Discussion in 'Handguns: Autoloaders' started by Mr. Mosin, Nov 28, 2021.
I trust my LCP, and bought one for my beloved mrs also.
Even though it's been shot quite a bit for a sub compact, its still a gun that I consider a "often carried, seldom shot" gun.
Is this about service life or capacity?
That alone will tend to limit useful lifetime.
Think of all those 'pot metal' (often cast zinc) frames
(or even plastic) holding a steel barrel.
Unless youre buying high-end guns, most of the factory guns are reasonable enough so you wont break the bank in buying a pair.
If youre shooting any reasonable amount in practice, youll spend a lot more on the ammo you use for practice than what the gun costs anyway, especially with the smaller calibers like .25, .32, .380.
In that time, I have had to replace the takedown pin twice, since the head sheared off while shooting. This didn't stop the range session, it just made taking the gun apart afterwards harder. Also, the frame has been replaced once due to a crack around the rear frame pin. This also didn't 'kill' the gun though. At this time, the gun is all fixed up, and ready to eventually put in another 5k rounds!
My Walther PPK has just 1,000 rounds through it so far, and this weekend my trigger bar snapped in half at the range! Thankfully this didn't happen in a life or death situation! But it goes to show you the cheap gun can keep plugging along, while the expensive one can have a disabling malfunction. It's a crap shoot.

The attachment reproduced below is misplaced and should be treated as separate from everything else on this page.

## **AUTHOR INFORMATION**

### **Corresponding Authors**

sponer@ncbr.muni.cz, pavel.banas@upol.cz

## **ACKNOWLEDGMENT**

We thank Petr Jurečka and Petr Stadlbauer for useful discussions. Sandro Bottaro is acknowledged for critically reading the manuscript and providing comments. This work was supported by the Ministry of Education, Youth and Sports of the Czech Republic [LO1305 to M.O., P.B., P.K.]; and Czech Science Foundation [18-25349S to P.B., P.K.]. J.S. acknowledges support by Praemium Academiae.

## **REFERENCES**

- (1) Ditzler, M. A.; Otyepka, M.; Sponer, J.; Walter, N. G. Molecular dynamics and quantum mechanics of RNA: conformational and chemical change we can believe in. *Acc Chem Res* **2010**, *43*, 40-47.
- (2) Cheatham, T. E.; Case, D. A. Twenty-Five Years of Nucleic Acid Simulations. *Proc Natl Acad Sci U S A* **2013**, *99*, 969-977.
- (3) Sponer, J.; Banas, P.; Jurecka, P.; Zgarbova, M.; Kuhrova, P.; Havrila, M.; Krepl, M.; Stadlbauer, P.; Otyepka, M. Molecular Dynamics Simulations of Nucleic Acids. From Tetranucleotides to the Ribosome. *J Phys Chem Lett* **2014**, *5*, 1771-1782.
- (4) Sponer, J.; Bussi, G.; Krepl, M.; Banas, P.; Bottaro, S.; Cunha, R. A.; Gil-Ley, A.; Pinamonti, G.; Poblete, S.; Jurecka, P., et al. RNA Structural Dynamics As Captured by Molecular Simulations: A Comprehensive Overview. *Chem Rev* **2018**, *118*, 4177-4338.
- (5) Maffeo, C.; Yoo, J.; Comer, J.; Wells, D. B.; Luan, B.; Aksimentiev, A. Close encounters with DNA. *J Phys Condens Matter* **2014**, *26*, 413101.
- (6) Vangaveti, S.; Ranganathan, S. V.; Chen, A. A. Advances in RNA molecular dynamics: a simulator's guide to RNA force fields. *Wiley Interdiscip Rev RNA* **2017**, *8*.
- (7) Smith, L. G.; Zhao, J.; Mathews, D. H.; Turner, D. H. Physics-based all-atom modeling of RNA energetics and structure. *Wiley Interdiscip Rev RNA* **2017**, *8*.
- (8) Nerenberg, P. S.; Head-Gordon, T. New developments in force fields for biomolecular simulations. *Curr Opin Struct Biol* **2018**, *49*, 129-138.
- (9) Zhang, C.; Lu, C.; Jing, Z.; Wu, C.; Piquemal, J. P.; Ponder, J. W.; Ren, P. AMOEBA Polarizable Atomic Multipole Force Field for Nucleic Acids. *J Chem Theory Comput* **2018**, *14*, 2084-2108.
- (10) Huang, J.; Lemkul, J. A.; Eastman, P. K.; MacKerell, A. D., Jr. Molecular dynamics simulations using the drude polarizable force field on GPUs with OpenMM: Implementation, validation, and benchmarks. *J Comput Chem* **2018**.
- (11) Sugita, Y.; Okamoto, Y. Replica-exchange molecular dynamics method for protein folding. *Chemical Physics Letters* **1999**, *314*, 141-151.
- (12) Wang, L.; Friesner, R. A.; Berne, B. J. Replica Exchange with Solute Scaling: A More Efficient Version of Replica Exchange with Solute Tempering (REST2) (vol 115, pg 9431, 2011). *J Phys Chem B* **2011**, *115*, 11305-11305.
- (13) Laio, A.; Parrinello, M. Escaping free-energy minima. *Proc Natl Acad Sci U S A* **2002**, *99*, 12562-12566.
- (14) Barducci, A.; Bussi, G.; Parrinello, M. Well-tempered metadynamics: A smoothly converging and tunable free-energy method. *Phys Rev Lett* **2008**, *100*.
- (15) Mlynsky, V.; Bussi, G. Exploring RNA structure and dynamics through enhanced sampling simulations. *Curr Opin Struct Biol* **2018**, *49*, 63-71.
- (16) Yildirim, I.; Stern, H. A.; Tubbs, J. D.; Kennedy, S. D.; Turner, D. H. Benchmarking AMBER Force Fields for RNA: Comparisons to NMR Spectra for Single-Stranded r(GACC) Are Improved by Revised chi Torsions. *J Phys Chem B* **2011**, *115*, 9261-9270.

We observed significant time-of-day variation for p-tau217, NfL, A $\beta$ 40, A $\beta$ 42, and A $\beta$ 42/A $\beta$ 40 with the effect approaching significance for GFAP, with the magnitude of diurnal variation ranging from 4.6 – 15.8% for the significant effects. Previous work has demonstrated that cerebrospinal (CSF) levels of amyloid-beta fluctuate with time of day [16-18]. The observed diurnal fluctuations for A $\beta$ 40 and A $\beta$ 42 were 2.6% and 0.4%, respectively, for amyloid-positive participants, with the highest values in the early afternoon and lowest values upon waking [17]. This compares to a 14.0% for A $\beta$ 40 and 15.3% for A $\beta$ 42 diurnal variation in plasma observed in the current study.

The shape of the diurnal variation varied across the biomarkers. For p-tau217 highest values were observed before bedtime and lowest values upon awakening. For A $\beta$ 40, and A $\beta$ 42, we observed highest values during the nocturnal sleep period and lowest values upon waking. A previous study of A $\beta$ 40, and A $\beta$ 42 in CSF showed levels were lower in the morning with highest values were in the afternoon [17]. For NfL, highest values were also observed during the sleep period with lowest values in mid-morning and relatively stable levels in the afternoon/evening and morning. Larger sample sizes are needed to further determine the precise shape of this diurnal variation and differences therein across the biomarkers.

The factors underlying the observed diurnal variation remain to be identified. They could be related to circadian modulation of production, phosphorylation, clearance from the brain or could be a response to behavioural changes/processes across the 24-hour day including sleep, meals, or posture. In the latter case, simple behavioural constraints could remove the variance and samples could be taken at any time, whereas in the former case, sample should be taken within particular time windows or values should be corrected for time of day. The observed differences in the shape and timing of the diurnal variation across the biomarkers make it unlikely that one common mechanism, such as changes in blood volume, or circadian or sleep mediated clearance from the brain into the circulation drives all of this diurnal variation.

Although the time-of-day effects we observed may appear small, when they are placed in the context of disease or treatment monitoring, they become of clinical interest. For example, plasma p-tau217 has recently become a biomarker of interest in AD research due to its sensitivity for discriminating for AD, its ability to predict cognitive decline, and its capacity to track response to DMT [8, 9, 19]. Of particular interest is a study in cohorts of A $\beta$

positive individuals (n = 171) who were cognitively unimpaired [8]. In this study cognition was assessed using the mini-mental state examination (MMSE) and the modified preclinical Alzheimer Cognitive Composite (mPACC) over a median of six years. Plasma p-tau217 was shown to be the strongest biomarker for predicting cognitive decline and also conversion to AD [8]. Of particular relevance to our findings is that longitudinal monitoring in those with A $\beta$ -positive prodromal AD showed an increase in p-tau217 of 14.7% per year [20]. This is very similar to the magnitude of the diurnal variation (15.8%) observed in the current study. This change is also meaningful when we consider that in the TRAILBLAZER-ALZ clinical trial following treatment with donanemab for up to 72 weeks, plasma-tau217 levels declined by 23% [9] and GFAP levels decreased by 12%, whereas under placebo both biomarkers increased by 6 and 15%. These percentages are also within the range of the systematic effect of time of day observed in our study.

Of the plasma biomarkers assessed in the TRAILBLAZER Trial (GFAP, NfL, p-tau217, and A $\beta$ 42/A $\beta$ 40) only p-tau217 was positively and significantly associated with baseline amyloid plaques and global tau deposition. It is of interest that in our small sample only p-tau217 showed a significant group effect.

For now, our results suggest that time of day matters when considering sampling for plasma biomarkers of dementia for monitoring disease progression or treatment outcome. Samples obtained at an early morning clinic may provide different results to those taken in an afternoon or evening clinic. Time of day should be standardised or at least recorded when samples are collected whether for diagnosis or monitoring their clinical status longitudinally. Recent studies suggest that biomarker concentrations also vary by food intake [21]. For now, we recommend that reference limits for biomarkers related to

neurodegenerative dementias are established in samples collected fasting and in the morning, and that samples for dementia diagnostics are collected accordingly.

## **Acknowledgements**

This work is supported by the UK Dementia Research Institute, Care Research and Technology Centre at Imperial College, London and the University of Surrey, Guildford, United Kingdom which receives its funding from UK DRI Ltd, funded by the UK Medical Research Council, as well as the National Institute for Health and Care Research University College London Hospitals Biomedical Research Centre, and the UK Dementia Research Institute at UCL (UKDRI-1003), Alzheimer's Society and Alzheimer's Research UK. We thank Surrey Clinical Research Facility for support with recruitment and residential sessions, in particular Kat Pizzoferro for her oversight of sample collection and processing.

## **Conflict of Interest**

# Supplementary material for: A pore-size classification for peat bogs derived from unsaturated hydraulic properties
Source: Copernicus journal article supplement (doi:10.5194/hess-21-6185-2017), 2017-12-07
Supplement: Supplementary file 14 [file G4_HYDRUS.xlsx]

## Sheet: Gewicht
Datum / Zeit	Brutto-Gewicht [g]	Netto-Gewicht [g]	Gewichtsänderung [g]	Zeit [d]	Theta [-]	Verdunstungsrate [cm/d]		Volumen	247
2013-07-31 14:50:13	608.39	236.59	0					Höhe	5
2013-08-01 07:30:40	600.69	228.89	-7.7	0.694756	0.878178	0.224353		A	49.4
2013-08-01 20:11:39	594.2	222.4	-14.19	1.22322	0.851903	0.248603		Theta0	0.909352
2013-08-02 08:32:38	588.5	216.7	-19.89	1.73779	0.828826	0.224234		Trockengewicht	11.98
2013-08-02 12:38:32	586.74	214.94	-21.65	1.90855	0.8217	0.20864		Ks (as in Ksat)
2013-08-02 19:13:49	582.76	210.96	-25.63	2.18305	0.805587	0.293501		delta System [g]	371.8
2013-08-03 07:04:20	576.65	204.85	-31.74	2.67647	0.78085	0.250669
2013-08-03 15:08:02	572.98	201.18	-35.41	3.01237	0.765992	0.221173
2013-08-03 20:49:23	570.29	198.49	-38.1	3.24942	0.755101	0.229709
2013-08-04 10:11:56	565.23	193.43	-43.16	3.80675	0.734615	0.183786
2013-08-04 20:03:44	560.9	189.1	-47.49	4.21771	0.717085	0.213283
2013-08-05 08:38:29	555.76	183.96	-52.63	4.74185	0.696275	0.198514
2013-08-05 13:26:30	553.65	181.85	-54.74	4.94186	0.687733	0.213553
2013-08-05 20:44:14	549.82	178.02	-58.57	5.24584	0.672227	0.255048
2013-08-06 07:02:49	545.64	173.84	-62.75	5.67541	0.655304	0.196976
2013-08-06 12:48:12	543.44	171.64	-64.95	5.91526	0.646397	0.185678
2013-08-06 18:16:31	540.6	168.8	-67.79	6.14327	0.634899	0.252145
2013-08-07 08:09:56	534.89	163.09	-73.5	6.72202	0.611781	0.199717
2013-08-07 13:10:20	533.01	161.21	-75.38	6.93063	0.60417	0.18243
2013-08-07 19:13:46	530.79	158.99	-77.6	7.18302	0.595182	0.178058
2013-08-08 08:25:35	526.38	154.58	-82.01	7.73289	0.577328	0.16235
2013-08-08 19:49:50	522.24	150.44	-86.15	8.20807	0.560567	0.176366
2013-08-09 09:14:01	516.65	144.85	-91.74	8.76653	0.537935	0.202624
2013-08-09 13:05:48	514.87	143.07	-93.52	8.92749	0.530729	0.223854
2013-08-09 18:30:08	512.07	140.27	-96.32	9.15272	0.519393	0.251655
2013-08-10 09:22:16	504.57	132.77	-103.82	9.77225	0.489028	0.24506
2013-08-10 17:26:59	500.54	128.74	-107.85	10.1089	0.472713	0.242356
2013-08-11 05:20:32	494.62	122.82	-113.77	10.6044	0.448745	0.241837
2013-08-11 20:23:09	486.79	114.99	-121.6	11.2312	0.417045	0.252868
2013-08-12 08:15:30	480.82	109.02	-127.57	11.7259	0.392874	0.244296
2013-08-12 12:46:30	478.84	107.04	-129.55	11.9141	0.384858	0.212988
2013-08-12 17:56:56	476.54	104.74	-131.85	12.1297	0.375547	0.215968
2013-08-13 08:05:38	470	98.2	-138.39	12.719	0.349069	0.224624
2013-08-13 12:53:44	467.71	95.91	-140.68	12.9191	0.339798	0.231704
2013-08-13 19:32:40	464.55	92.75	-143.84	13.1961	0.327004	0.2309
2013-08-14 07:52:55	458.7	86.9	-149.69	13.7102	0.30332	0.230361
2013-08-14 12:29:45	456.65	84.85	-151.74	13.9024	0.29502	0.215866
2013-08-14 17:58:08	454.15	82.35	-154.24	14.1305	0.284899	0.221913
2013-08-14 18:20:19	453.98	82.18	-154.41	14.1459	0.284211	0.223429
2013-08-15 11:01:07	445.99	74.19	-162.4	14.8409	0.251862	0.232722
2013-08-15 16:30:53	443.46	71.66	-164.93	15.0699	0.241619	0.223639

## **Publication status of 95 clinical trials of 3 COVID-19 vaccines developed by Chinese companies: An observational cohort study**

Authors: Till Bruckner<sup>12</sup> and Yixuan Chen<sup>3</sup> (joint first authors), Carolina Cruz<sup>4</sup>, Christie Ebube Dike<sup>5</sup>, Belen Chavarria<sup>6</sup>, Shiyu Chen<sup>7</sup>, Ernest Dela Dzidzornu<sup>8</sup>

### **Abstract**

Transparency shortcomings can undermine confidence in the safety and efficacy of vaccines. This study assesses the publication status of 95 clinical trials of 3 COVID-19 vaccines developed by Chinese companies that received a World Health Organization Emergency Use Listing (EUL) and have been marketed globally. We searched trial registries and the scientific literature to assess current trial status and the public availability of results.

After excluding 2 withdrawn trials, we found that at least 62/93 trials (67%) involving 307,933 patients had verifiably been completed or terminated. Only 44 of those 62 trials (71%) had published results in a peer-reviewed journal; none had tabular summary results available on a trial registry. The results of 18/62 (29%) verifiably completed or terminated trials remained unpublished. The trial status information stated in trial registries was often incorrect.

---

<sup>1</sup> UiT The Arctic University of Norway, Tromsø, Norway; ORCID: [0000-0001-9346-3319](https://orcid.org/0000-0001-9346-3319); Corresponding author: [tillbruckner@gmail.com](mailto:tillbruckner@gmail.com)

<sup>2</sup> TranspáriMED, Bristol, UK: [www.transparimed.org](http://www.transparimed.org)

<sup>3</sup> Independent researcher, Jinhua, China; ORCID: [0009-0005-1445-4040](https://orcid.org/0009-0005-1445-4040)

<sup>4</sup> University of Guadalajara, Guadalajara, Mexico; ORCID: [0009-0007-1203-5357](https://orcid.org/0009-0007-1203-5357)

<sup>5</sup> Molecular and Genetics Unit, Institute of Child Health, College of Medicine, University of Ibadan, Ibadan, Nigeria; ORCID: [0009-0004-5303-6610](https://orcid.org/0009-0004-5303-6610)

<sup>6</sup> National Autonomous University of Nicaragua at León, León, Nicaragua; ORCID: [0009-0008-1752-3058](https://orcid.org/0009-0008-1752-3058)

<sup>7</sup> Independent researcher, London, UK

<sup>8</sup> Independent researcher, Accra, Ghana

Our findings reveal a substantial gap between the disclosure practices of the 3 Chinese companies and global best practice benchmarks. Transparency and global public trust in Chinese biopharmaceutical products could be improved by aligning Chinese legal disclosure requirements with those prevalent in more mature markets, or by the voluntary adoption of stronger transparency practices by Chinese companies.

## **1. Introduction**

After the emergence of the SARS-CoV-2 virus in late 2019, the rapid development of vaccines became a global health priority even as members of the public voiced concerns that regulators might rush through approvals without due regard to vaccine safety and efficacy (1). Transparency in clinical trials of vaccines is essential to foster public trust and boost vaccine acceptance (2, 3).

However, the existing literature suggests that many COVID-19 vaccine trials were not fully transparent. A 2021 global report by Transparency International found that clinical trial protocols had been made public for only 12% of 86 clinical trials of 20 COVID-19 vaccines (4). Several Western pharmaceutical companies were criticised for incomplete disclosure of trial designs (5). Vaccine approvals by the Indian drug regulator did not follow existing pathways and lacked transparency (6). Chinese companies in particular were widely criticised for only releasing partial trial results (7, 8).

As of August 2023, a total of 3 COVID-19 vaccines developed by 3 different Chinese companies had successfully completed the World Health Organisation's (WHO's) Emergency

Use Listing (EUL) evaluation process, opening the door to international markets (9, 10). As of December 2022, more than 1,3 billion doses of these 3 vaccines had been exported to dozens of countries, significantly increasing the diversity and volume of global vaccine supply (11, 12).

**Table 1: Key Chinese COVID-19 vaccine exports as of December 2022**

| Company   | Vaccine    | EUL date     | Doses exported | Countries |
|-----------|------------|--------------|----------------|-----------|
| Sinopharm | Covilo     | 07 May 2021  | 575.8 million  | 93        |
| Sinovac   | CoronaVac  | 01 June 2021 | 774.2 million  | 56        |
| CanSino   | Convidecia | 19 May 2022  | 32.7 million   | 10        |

So long as the serialized part keeps working, everything else can be replaced.
Most haven't been zinc die cast in a long time. Many of the better mouse guns went to a polymer frame with steel insert which allows more recoil absorption and better service life with less cracking and higher round counts.
Diamondback DB9, M&P Bodyguard, Kahr CW380, Keltecs, Beretta Tomcat, Hi Point, Remington RM380, Bersa Thunder, Beretta Jetfire, Seecamp, SIG P238, Taurus Spectrum, TCP and Millenium, North American Guardian, just for starters.
The old Florida made die cast guns are now mostly collector items in the face of the new materials. Cheaper materials and fabrication with polymer.
If there has been a serious impact in the sales of mouse guns of late, it's caused by the P365, which has even cut short their own sales of .380s and the P938.
I think it's reasonable to say that the smaller and lighter the gun in a given caliber, the less durable it is likely to be. I don't think a precise answer is going to be forthcoming.
With or without parts replacement?
The maximum life of particular examples will likely exceed the expected maximum.
The number will likely far exceed what most anyone will actually fire.
My Walther PPK has just 1,000 rounds through it so far, and this weekend my trigger bar snapped in half at the range![/QUOTE]
Why do I think this PPK is only a couple of years old??? I have a lot of old ones that have never had a hiccup.
If you really want to know, you have to shoot them until you start to get failures. If you follow routine maintenance and change out the RSA's when you should, you will likely have better results than if you dont.
This ….. ^^^^
Most of my old guns that are out of warranty never needed a warranty to begin with. My 100 year old guns work like new.
Yes, brand new Fort Smith, AR model. To have such a major component fail with so few rounds does make me nervous about the metal quality of the new parts.
So they are NOS. It doesn't really prove anything as to their longevity, just that they are old.